Roger Cavazos, who spent 22 years in the US Army and now works for the Nautilus Institute for Security and Sustainability, claimed that a convention artillery barrage by the North would result in approximately 64,000 casualties within the first day and 80,000 casualties within a week, after which, the ROK would no longer have the operational capacity to target Seoul. Indeed, Roger Cavazos calls such a scenario “imminently survivable.” And while he is no doubt right that South Korea as a nation could withstand an attack, this doesn’t take into account the economic consequences of a Northern Korean assault or the fact that millions of people would likely be left homeless.
Even more frightening is that the DPRK already has the capability to accurately target Seoul with nuclear weapons. Unlike its rockets, which are still under development and could potentially be intercepted by US missile systems in the air or on the ground, nuclear warheads could easily be lobbed over the DMV by the North Koreans without any warning. If used as part of a first assault, the loss of human life could easily reach into the millions.
With the media focused on North Korea’s ability to hit the US with nuclear weapons, they have missed what has been a reality for some time. For all intents and purposes, North Korea has created a doomsday device that can destroy Seoul if it feels its regime is in danger of destruction, effectively, ruling out US unilateral military intervention. The US simply cannot put itself in a position of starting a conflict, no matter how justifiable, when the result would be a substantial loss of Korean lives. The diplomatic fallout of such an event would be catastrophic, not only vis-à-vis South Korean relations but throughout the world. Which means any preemptive military operation by the US would have to be approved by the South Korean government, a scenario that is fairly unlikely given Seoul’s past reluctance to engage in saber rattling.
The unfortunate reality is that Seoul is a hostage. The DPRK knows that as long as it threatens the city, the US is powerless to intervene. But at the same time, this places North Korea in a perpetual state of crisis. How many times has a capturer successfully negotiated his way to freedom with the police? The DPRK’s survival and that of its hostage are intrinsically linked. If one is destroyed so is the other.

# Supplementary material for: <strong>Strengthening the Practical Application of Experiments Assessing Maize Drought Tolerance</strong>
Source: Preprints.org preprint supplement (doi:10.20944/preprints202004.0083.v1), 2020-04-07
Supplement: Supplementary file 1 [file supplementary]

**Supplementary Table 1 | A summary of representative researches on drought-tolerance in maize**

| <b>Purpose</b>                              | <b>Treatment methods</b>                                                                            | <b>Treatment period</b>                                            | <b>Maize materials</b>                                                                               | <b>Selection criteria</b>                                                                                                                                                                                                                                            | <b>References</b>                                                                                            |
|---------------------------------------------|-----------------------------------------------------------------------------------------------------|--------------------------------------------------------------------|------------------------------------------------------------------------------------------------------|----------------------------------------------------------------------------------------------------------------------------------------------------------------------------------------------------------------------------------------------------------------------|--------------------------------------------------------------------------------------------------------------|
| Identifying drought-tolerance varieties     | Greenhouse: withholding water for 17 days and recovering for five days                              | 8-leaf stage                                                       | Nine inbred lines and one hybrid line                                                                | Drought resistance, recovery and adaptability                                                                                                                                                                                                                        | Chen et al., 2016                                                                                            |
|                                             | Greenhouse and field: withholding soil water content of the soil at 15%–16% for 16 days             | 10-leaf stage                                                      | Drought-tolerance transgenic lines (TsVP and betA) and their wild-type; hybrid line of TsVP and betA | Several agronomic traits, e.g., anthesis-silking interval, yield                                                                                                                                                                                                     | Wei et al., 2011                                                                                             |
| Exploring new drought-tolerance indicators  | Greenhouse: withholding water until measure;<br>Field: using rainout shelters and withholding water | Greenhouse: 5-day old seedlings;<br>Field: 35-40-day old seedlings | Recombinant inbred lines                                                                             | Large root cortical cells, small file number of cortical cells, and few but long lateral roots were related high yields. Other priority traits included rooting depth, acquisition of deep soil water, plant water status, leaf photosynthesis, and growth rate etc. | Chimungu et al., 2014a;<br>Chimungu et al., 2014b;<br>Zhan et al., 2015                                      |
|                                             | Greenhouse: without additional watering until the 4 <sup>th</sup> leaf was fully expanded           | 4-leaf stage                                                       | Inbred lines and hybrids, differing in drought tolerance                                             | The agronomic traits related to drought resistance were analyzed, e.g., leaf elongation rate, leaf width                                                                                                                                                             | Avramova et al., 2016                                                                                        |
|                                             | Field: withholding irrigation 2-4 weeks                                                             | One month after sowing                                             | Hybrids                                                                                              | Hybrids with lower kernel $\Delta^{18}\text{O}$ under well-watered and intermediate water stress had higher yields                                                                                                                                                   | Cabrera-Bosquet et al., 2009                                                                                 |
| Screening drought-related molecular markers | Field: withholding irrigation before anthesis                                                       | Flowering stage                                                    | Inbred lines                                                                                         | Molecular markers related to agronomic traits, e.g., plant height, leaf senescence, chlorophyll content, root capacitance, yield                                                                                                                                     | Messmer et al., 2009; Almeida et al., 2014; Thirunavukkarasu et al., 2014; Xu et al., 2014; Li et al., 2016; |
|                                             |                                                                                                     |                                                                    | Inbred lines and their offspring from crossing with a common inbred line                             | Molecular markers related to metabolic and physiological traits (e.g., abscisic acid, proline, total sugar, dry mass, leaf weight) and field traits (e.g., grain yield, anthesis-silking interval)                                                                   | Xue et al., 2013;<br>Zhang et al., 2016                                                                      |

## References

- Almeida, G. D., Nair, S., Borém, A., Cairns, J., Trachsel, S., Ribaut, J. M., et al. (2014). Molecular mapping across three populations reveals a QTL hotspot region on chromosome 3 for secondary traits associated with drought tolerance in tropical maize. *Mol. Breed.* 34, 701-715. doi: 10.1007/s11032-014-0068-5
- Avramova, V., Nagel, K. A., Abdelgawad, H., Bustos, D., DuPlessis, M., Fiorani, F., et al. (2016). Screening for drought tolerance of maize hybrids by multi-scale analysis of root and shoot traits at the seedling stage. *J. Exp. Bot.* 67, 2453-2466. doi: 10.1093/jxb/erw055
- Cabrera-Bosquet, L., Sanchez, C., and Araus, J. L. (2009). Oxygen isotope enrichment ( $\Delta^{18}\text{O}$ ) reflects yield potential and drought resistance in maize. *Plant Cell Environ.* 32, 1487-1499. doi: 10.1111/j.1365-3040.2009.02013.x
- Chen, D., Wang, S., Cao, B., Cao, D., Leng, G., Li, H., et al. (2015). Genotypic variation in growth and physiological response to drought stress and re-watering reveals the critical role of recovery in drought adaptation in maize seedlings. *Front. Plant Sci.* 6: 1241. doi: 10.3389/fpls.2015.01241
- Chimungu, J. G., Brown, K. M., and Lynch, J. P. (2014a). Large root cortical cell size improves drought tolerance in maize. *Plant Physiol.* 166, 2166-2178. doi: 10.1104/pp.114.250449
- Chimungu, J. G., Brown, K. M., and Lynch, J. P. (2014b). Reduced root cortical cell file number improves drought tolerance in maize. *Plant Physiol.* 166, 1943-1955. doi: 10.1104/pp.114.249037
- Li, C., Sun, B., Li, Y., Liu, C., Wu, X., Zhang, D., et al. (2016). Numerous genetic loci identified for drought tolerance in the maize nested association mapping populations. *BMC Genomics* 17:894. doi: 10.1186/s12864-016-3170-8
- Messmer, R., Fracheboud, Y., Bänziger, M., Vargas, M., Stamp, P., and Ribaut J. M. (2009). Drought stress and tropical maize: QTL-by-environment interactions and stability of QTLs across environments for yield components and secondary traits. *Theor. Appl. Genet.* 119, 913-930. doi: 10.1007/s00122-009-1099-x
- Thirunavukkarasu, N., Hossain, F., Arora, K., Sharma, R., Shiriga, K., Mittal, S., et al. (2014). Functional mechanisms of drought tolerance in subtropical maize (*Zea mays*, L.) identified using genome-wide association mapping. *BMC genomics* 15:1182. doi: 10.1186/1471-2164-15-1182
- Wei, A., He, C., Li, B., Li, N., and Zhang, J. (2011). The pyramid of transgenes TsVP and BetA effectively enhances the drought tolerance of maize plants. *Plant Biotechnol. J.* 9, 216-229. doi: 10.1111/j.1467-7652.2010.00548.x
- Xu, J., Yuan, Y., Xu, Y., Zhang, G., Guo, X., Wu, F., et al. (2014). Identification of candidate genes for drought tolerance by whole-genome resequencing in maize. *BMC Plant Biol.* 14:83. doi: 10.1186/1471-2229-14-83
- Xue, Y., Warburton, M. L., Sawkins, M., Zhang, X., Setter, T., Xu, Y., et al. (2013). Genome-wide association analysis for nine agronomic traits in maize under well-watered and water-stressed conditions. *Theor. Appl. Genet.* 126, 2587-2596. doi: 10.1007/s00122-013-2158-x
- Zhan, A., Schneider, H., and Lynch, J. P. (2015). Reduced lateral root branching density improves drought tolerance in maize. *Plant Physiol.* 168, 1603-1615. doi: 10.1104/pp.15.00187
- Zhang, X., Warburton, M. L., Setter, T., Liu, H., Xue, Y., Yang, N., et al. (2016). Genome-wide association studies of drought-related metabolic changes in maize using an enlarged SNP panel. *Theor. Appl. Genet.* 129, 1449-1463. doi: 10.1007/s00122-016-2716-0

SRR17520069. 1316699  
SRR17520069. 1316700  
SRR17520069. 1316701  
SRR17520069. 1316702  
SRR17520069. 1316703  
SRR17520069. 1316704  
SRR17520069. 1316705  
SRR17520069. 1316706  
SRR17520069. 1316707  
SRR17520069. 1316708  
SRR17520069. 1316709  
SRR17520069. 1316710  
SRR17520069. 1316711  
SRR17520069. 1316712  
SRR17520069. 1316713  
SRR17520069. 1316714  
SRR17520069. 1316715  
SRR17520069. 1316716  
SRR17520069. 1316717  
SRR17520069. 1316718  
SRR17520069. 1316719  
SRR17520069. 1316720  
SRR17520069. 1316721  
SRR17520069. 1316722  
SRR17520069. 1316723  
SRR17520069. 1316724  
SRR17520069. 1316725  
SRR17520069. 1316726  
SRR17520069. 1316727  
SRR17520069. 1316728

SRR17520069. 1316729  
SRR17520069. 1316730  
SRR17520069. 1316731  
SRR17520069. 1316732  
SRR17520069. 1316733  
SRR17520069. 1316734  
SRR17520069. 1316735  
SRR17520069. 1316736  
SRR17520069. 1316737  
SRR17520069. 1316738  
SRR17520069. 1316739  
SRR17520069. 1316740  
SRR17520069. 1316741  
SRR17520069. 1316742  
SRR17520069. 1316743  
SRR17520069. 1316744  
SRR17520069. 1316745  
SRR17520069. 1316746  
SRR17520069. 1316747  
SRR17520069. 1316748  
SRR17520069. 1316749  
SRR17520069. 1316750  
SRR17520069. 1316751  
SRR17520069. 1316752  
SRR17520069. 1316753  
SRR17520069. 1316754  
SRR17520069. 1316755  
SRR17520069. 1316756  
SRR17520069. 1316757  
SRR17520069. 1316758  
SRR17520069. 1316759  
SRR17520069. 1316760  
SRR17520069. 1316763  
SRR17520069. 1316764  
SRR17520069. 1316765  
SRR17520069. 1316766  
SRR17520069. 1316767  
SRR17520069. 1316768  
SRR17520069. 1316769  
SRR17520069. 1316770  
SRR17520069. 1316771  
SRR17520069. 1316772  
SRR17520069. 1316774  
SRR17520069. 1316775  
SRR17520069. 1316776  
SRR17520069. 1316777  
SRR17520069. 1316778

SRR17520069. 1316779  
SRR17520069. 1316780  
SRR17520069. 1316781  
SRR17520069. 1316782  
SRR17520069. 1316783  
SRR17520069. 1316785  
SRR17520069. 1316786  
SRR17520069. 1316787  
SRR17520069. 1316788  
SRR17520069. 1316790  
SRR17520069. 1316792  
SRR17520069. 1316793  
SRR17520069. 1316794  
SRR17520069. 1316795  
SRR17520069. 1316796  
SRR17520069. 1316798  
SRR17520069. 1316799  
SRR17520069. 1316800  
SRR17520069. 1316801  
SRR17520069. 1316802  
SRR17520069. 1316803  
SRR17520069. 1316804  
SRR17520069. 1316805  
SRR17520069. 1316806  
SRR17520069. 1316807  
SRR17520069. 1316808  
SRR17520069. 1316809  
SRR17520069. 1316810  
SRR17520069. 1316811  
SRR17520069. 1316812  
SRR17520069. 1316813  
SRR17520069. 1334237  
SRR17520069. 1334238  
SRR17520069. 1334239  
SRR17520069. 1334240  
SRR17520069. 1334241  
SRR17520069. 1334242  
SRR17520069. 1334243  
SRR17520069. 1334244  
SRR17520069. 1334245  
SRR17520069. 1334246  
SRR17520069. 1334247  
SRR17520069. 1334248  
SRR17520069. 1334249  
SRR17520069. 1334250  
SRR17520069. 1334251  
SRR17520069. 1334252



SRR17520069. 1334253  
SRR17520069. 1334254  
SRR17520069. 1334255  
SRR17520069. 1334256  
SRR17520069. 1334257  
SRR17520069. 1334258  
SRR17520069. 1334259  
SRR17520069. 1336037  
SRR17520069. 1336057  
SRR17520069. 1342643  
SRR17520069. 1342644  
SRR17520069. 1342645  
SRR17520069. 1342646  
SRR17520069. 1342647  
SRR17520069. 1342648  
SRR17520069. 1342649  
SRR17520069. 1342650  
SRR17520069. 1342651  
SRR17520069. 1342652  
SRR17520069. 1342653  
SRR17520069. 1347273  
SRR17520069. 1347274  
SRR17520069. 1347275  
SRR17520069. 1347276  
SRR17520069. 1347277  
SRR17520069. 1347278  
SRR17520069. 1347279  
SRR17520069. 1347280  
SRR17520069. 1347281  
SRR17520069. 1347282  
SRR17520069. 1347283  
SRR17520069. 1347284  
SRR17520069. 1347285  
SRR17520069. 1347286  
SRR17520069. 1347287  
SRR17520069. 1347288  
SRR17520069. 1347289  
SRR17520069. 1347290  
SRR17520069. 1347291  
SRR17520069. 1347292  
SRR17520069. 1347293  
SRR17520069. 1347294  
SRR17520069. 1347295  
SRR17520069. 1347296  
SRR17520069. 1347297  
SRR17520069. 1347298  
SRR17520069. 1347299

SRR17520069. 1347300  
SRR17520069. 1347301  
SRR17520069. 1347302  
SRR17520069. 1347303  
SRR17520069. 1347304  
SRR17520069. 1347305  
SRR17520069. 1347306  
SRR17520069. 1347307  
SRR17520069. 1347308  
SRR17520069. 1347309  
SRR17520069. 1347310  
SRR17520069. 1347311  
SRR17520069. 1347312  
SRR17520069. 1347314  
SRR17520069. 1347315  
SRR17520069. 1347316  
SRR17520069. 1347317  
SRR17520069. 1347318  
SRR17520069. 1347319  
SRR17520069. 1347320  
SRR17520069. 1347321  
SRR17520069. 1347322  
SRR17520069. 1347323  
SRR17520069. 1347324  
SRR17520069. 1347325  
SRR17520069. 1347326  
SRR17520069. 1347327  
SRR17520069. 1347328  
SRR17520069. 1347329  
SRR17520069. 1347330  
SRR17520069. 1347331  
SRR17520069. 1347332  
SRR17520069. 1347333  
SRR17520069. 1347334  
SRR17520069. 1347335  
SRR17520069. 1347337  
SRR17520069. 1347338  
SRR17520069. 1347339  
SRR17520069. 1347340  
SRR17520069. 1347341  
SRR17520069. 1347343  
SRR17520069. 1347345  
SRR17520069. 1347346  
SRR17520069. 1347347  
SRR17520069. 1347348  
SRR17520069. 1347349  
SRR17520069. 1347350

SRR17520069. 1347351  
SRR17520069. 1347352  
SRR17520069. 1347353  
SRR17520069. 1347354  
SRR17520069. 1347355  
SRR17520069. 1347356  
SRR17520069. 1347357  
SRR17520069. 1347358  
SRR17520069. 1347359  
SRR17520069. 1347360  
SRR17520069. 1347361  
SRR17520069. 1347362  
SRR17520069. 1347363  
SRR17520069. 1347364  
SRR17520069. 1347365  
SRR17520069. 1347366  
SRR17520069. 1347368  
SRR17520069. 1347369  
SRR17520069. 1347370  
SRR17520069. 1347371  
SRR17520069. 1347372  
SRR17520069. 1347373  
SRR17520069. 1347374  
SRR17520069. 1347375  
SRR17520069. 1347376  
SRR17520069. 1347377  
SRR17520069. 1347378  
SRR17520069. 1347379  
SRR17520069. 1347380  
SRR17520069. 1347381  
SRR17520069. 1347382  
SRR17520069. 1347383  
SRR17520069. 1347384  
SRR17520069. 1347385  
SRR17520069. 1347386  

Back in Seoul, I walked past an anti-war demonstration being held in front of the US embassy. South Koreans hold increasingly mixed views about the US presence on the Korean peninsula. Part of the problem is the 600 acre Yongsan Garrison where US forces are headquartered in the ROK. The fact that a massive US military base is located in central Seoul is odd enough without the dozens of shops and restaurants (not to mention prostitutes) catering to Western tastes in the area. The situation is further exasperated by US military MPs who raid local bars looking for AWOL soldiers out for a good time. It’s not hard to understand why some South Koreans feel as if Seoul is a city under occupation.
Yongsan Garrison is scheduled to be moved in 2019, part of a plan to reduce the US’ footprint in the country. But the problem runs deeper than just one base. At its heart, it is an issue of sovereignty. While most South Koreans, especially the older generations, are grateful for the security guarantees that the US military provides, they would like to see the ROK exercise greater control over its own foreign policy. To outsource decision-making to another country that has ever-shifting foreign policy goals and may not fully appreciate the human consequences of its actions is increasingly at odds in a nation with a flourishing democracy and the eleventh largest economy in the world. After all, it is the Koreans that must live their lives beneath the nuclear sword of Damocles.